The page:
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The Book
Performer / Director Cat Gerrard talks about where the project came from
Read more in the Making Of book, including essays, sketches, poems, photographs & research - coming in July 2018, in collaboration with Nanna Koekoek

My journey with the angel is a little hard to trace back. Like the road unfolding in front of you, it was a really just a matter of continuing to put one foot in front of the other. I’ve experienced this just a few times; when you have the sensation you’re not so much creating something as uncovering it.


Siegfried Sassoon said it about writing poetry in his poem Limitations, but I’ve always held on to it for things beyond that:


            Yes: you can do it, once you get a start;

            All that you want is waiting in your head,

            For long ago you’ve learnt it off by heart.




I started developing this character of the angel in 2016, just after I’d moved to Berlin. I was training in my second year at collaborative, devised performance school LISPA, itself just moved from London.


I have to admit that I was finding it very hard to settle into Berlin. I was so glad to be free of London. After 30 years living there, I definitely wasn’t riding the wave anymore; I was coughing and spluttering in the foam and undercurrents. I was ready to leave.


But I wasn’t quite ready to land anywhere else.


Struggling to connect with where I was, avoiding contact with people and the city, I was just living in the bubble of the school and the work. When I rather abruptly had the feeling the angel wanted to go outside, to get out of the studio and feel the cobbled stones under her pointy feet. To meet people and see what happened.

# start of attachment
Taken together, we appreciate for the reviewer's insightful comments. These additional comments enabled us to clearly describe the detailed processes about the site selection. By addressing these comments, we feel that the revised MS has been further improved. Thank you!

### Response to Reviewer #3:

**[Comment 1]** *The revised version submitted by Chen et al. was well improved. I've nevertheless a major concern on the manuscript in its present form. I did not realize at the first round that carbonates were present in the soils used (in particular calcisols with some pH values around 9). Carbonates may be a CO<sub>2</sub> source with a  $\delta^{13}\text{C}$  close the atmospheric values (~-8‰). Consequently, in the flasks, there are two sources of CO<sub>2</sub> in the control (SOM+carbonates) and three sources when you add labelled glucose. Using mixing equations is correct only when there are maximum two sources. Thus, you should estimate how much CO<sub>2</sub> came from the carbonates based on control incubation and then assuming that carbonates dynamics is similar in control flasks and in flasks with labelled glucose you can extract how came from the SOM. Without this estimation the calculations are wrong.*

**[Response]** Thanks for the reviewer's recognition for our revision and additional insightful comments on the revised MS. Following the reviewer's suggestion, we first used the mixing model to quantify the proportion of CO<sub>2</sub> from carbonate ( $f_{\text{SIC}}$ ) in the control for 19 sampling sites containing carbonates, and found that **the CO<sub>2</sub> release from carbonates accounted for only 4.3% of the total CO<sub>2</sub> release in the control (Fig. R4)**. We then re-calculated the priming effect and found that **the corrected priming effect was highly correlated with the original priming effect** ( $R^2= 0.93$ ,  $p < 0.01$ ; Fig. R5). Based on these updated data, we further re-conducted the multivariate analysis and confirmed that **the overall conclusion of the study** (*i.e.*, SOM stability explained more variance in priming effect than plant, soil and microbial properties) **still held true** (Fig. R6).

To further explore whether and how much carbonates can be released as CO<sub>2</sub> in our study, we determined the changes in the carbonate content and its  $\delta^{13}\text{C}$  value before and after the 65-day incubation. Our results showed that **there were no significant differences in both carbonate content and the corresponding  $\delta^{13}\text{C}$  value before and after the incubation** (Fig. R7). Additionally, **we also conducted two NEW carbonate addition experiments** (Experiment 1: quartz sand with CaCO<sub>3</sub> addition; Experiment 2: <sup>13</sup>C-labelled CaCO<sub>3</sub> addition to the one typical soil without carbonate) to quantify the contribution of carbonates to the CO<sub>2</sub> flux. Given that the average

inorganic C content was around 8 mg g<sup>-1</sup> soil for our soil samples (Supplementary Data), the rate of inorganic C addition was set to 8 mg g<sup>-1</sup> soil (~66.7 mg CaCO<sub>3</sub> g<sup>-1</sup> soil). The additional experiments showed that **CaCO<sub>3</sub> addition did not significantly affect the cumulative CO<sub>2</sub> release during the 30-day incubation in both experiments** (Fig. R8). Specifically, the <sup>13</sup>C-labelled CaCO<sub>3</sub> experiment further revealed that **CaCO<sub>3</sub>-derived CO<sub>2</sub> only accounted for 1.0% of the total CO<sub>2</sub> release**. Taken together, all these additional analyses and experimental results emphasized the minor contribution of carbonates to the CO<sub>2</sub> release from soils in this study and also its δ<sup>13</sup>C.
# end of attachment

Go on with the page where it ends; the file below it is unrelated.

So we did.


And it was brilliant.


Somehow I was able to connect with ease with Berlin and its people. I could play. I could dance with people in the street. I could look, I mean really look. Everything resonated, everything was bright and beautiful and exciting. She was a child in a playground, a bee in a field of flowers. It was like seeing for the first time.


Basically I just needed a huge, white angel costume with wings to feel more at home...




Then the research began in earnest.


Adam Zagajewski has been my poetic companion for many years; I’d met his work in 2006 and he’d always popped up at particularly poetic moments. Try to Praise the Mutilated World circled around me a lot that first term of my LISPA second year, as the angel was born.


At one moment I realised that the angel’s way of experiencing the world was through praise.

I started to seek out praise poems, odes, blessings.


In his late forties, Pablo Neruda started writing an ode a week, in the end writing 225.


Oda a la casa abandonada

Oda al viejo poeta

Oda a la manzana

Oda al otoño

Oda al alambre de púa

Oda a las cosas rotas

Oda a una castaña en el suelo

Oda al cactus desplazado

Oda al ojo

Oda a la campana caída

Oda al día feliz

Oda a la esperanza

Oda al picaflor

Oda al limón

Oda a la luna

Oda a los calcetines

Oda al piano

Oda al camino

Oda a la sal




At one point I started to reach out to other artists, to open my hands on the project, to find a wonderful energy from the encounter in between. There was Alix – who was the very first person I met when I moved to Berlin. Hugo, Angharad, Nerea, all of whom I met, somehow, through LISPA.


Coming back from a summer of rehearsing outside Germany, organising the next step of the project, I started to sink into Berlin in a new way. For a period of about three weeks there were incredible rainstorms and thunderstorms nearly every evening. I cycled home in the late afternoon under red skies, patched with glowering black clouds. The building electricity got into my bloodstream. I started to really fall in love with the city.